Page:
Connecticut Children’s Medical Center started using EASE about a year ago. “One of our regular operating room nurses really felt like she wanted a quick, easy way to let families know, up-to-date, what was happening in the operating room,” Mary McLaughlin, director of perioperative services at Connecticut Children’s, told The Daily Beast.
Coincidentally, the head of the pediatric intensive care unit had earlier brought a similar request to the hospital. EASE fit the bill, and after an extensive review from the legal and compliance teams, they introduced the idea to surgical leadership.
“They were very much on board,” McLaughlin said. “We showed the possibilities. They were a bit nervous about the video piece, but still on board.”
At Connecticut Children’s, the option to use the app is available for patients undergoing any procedure longer than an hour. The nurses in the operating room use it to send regular text updates to families, but don’t send photos or videos of the procedure (though that’s an option to start doing later on). They use video at the end of the operation, to film the surgeon relaying the message that everything went well, and that they’ll be out to speak to the family soon.
The app doesn’t replace the in-person updates that Connecticut Children’s already provides to waiting families—normally, a nurse circulates through the waiting area each our providing updates. “We haven’t stopped doing that, but this really augments it,” McLaughlin said.
EASE also isn’t limited to surgery, and de la Roza said it can also be used in intensive care units to give updates to families who might not be able to visit in person regularly. “In the neonatal ICU, babies might be there for months, and it’s a challenge,” he said. “Texting, and communication with video and pictures, is so common now, I think it’s natural to extend into the hospital.”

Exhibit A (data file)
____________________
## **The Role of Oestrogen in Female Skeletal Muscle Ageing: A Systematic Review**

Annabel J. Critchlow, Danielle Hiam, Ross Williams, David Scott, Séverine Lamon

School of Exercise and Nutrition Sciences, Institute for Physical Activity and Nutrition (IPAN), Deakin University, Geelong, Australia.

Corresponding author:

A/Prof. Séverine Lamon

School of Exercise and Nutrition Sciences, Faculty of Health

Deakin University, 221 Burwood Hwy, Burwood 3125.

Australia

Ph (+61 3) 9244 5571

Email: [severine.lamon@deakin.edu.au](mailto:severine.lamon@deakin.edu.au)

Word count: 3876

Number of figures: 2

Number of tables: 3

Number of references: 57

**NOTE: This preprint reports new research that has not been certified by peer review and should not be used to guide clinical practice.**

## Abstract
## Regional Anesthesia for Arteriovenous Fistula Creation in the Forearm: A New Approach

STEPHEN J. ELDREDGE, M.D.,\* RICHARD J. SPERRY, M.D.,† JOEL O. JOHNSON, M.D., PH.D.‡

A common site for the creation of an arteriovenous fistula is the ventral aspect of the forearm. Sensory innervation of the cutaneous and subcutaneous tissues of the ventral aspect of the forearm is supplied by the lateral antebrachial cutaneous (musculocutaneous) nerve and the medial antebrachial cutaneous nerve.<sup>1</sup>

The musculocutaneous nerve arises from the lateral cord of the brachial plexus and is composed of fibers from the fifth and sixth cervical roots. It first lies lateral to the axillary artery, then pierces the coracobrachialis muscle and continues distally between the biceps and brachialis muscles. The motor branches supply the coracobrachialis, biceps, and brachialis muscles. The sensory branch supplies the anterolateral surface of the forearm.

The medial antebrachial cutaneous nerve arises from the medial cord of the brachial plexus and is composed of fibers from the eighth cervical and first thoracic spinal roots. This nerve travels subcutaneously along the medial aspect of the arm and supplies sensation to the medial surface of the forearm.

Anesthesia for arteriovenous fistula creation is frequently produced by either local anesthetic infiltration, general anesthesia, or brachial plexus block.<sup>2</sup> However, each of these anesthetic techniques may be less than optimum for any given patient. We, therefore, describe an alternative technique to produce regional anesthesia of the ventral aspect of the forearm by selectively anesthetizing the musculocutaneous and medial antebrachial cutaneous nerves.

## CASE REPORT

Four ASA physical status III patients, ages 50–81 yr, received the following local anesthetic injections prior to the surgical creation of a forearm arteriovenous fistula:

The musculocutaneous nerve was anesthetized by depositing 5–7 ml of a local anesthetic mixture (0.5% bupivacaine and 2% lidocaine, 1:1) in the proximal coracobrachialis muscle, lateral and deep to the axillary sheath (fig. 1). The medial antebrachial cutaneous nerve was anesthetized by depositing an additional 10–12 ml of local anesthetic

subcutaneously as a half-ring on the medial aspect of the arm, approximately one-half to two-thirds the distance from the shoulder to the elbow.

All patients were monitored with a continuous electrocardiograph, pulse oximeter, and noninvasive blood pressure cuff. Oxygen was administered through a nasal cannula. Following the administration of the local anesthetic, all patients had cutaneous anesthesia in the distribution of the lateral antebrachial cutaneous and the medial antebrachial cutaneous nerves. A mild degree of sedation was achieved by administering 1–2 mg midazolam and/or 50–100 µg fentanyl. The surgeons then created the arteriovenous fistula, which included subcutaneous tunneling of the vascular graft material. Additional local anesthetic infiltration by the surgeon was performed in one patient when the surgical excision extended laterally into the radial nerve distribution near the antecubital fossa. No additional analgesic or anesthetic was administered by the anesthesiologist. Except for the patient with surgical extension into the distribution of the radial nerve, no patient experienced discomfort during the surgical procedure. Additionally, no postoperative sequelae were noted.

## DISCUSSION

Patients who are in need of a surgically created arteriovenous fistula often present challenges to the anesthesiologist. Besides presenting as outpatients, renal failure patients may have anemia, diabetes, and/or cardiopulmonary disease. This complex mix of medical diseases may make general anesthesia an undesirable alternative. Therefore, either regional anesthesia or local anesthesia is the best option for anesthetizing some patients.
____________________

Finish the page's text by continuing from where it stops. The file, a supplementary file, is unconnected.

EASE helps loved ones feel less anchored to the waiting room and able to be a bit more relaxed in a trying time. “They feel as though they can go to the bathroom, or get something to eat,” McLaughlin said. Because the messages can go out to family members and friends who aren’t at the hospital, the app also takes the onus off of a waiting loved one to relay updates.
The app, though, isn’t used to deliver anything but positive, normal news. “EASE is not to deliver any news that’s unusual, that would require a face-to-face,” McLaughlin said.
McLaughlin said that about 60 to 70 percent of the families offered the service use it—some don’t want to for a variety of reasons, and sometimes people don’t have a phone that’s compatible, she said.
But those who do use the app are thrilled with the experience, McLaughlin said. “We see it in our own patient experience surveys,” she said, and EASE conducts in-app surveys, as well.
Nadeau credits EASE with helping her through a difficult time. She said that she’d want to use EASE for any additional surgeries he might have. “[Connecticut Children’s] is great with my son, but this makes them super with the parents. It’s one thing to take care of my son, but to include me in that is just great,” she said.
That’s exactly the long-term goal for EASE. “There’s no reason for anyone to have to sit in a waiting room wondering what’s going on,” de la Roza said. “The technology is there.”